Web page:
An ornate and unusual Anglo Chinese padouk campaign chest of drawers featuring the Eight Immortals, dated 1869 of rectangular form, in two sections, each with recessed carrying handles, the top section with two short and one long drawer carved in relief with landscapes of bridges, houses and pagodas, the lower section with two long drawers, one showing the Immortals in the mountains and one with them in a long boat with an elephant-head prow, all raised upon knopped legs. Chinese, 1869.


Footnote: The Eight Immortals are a group of legendary Xian ("immortals") in Chinese mythology. Each immortal's power can be transferred to a vessel that can bestow life or destroy evil.


Tie guaili with gourd, can make medicine and cure the sick.

Zhong hanli with fan, can resurrect the.

Zhang guolao with tabour, can foresee the future.

Lv Dongbin with sword, can fight with evil.

He xiangu with lotus, can help people become immortal.

Lan caihe with basket, can singing to make people happy.

Han xiangzi with clarinet, can play music.

Cao guojiu with Jade plate can decide on the balance of the genders in the world.


The legend depicted on this chest shows the task they performed to collect some special medicine from higher ranked Immortals across the ocean. On the way they encounter terrible storms and disturb the Dragon King who sends his armies in the form of lobsters, crab and fish to deter the Immortals. In the ensuing war two of the Dragon princes are killed and finally Avalokitesvara (Guan-yin) has to intervene to restore peace.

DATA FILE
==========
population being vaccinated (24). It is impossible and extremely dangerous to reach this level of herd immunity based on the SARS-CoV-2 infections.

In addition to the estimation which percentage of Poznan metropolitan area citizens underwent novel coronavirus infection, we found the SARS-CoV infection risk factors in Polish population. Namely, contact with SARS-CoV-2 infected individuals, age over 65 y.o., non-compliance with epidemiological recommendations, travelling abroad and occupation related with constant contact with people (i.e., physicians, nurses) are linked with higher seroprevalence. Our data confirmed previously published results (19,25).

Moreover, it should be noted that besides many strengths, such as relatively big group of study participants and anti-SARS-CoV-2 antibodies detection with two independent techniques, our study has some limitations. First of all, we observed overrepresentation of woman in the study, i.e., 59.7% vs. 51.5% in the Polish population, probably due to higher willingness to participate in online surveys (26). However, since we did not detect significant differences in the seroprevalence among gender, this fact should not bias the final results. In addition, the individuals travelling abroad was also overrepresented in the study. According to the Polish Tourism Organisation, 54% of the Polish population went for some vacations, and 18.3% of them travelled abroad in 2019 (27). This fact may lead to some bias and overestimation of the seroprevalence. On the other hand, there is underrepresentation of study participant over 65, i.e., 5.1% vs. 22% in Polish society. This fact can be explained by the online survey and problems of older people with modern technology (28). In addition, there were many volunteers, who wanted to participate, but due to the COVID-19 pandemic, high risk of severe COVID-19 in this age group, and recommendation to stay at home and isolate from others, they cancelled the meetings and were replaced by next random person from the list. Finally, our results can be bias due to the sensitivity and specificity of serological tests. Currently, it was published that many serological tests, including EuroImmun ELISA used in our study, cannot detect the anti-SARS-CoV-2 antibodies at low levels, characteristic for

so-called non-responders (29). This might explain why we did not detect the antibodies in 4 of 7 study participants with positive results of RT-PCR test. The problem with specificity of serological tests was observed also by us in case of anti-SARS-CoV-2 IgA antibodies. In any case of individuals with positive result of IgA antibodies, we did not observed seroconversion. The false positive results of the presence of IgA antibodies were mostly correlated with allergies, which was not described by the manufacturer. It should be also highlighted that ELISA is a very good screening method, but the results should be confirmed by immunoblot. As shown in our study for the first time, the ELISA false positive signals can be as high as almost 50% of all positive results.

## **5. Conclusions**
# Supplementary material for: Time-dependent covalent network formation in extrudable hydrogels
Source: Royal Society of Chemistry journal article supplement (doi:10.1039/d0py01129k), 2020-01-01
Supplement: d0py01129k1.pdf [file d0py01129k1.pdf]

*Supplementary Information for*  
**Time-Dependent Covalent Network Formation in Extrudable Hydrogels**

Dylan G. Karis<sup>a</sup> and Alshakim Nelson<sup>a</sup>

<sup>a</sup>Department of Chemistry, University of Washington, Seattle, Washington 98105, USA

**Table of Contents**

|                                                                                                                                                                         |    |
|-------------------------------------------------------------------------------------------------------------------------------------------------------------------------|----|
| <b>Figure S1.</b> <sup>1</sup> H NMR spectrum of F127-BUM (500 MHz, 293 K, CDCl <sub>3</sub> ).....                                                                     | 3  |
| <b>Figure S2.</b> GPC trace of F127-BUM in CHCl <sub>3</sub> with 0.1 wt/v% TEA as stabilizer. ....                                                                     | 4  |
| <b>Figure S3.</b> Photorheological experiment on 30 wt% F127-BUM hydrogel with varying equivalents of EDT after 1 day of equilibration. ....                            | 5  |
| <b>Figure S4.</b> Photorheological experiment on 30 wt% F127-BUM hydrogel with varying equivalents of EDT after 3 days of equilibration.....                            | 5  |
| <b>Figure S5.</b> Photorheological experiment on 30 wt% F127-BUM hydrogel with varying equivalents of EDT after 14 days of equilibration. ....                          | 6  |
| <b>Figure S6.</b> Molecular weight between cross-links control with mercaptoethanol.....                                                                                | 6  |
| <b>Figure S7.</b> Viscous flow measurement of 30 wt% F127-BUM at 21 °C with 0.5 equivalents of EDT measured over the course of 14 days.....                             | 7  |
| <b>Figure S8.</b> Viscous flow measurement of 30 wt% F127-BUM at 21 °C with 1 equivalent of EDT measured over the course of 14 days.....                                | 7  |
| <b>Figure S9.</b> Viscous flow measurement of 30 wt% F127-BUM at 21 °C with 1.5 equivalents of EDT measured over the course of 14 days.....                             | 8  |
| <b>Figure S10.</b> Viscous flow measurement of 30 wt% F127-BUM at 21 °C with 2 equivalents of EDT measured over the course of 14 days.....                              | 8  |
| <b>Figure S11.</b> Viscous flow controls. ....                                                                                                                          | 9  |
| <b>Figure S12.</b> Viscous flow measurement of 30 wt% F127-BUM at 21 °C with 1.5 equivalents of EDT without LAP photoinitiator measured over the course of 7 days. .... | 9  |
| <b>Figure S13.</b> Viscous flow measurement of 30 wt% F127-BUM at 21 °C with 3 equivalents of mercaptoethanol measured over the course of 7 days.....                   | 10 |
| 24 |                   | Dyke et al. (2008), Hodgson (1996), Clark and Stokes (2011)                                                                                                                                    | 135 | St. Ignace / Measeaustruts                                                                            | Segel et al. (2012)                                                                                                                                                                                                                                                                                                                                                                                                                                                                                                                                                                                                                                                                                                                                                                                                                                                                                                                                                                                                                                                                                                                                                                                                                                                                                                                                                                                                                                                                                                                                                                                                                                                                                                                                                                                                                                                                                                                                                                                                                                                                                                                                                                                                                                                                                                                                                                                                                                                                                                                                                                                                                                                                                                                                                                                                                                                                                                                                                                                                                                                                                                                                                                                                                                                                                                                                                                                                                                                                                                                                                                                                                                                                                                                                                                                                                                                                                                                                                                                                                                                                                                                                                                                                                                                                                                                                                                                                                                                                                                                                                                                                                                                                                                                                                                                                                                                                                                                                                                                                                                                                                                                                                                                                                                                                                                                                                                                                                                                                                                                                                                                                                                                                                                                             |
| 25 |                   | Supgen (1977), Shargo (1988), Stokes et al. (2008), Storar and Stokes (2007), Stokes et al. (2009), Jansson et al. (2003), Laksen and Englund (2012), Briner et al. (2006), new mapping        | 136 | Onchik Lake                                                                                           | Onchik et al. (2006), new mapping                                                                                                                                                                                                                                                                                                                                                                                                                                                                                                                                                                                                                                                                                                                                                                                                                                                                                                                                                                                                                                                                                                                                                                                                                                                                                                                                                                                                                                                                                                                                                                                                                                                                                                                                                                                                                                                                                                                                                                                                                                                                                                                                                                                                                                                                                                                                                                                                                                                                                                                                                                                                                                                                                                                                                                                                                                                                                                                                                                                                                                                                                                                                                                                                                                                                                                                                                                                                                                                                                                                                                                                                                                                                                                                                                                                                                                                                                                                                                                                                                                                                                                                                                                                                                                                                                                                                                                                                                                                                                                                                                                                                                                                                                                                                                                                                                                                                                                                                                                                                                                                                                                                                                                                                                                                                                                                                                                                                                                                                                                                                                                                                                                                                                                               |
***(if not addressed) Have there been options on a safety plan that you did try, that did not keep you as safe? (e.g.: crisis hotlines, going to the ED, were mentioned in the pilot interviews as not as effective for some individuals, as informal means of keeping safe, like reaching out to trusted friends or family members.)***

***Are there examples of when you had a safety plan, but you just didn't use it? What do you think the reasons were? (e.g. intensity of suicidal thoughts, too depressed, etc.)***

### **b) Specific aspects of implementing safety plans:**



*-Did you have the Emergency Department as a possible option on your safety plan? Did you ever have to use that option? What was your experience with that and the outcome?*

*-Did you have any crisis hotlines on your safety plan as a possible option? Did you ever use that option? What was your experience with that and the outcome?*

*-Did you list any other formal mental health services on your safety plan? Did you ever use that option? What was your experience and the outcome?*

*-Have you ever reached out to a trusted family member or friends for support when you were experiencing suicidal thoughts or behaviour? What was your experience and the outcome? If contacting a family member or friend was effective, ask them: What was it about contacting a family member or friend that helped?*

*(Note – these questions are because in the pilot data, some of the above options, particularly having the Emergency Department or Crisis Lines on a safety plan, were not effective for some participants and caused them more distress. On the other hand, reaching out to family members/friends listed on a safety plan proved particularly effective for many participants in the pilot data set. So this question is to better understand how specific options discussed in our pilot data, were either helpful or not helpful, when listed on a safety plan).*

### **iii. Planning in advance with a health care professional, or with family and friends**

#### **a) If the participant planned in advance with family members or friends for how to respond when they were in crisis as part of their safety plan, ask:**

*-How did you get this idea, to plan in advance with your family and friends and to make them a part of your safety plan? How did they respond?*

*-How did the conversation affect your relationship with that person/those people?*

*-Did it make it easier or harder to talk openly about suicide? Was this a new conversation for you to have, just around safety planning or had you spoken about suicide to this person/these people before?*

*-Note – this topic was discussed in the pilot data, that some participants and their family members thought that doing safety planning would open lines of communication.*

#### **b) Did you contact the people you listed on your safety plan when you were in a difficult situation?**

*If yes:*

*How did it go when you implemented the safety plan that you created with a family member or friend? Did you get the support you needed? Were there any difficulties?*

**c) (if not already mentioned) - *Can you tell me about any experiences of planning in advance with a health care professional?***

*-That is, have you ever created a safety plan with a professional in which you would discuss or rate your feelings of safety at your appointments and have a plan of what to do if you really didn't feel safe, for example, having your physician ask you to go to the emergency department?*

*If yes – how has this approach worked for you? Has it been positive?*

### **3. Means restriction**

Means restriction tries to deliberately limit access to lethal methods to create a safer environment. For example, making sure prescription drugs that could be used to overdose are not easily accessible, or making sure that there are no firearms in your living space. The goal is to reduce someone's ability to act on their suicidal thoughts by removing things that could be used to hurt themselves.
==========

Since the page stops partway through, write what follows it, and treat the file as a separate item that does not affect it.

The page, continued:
For centuries travelling armies have used campaign furniture that could easily be assembled and quickly folded and packed down for ease of transportation, however in the 1800’s British furniture manufacturers such as Sheraton, Hepplewhite, and Chippendale redesigned much of their line and engineered new pieces specifically for the British Army in response rise and expansion of the British Empire, during the Georgian and Victoria periods (1714 – 1901) and the demand by British officers in high social positions for high quality portable furniture.


Not only did the furniture need to be highly portable, lightweight, and exceptionally durable but it also needed to be comfortable and beautiful to ensure the British officers the luxuries of home whilst travelling to distant lands. The blending of timeless functionality and elegance led to an unmatched style of furniture that was impervious to weather, virtually indestructible, and visually stunning.  


My favourite item of campaign furniture is the chest of drawers, often referred to as a military chest or campaign chest. Campaign chests' primary wood was often mahogany, teak, or camphor, although cedar, pine and other woods were also used. The dominant style of campaign chest breaks down into two sections and has removable feet. The brass corners and strapwork offer some protection and typify the distinctive "campaign look".


With its simple and masculine elegance, campaign furniture looks as modern and timeless within homes today as it did back in the 19th century.

If you would like to learn more, I suggest reading Nicolas A. Brawer's book, British Campaign Furniture: Elegance under Canvas 1740-1914. Published in 2001 with over 275 illustrations, including 140 plates in full colour, it is the most comprehensive compilation of historical information on the subject. 

Rare 19th Century Carved Wood Padouk Chinese Campaign Chest

  • Height: 110.0cm
    Width: 99.0cm
    Depth: 47.0cm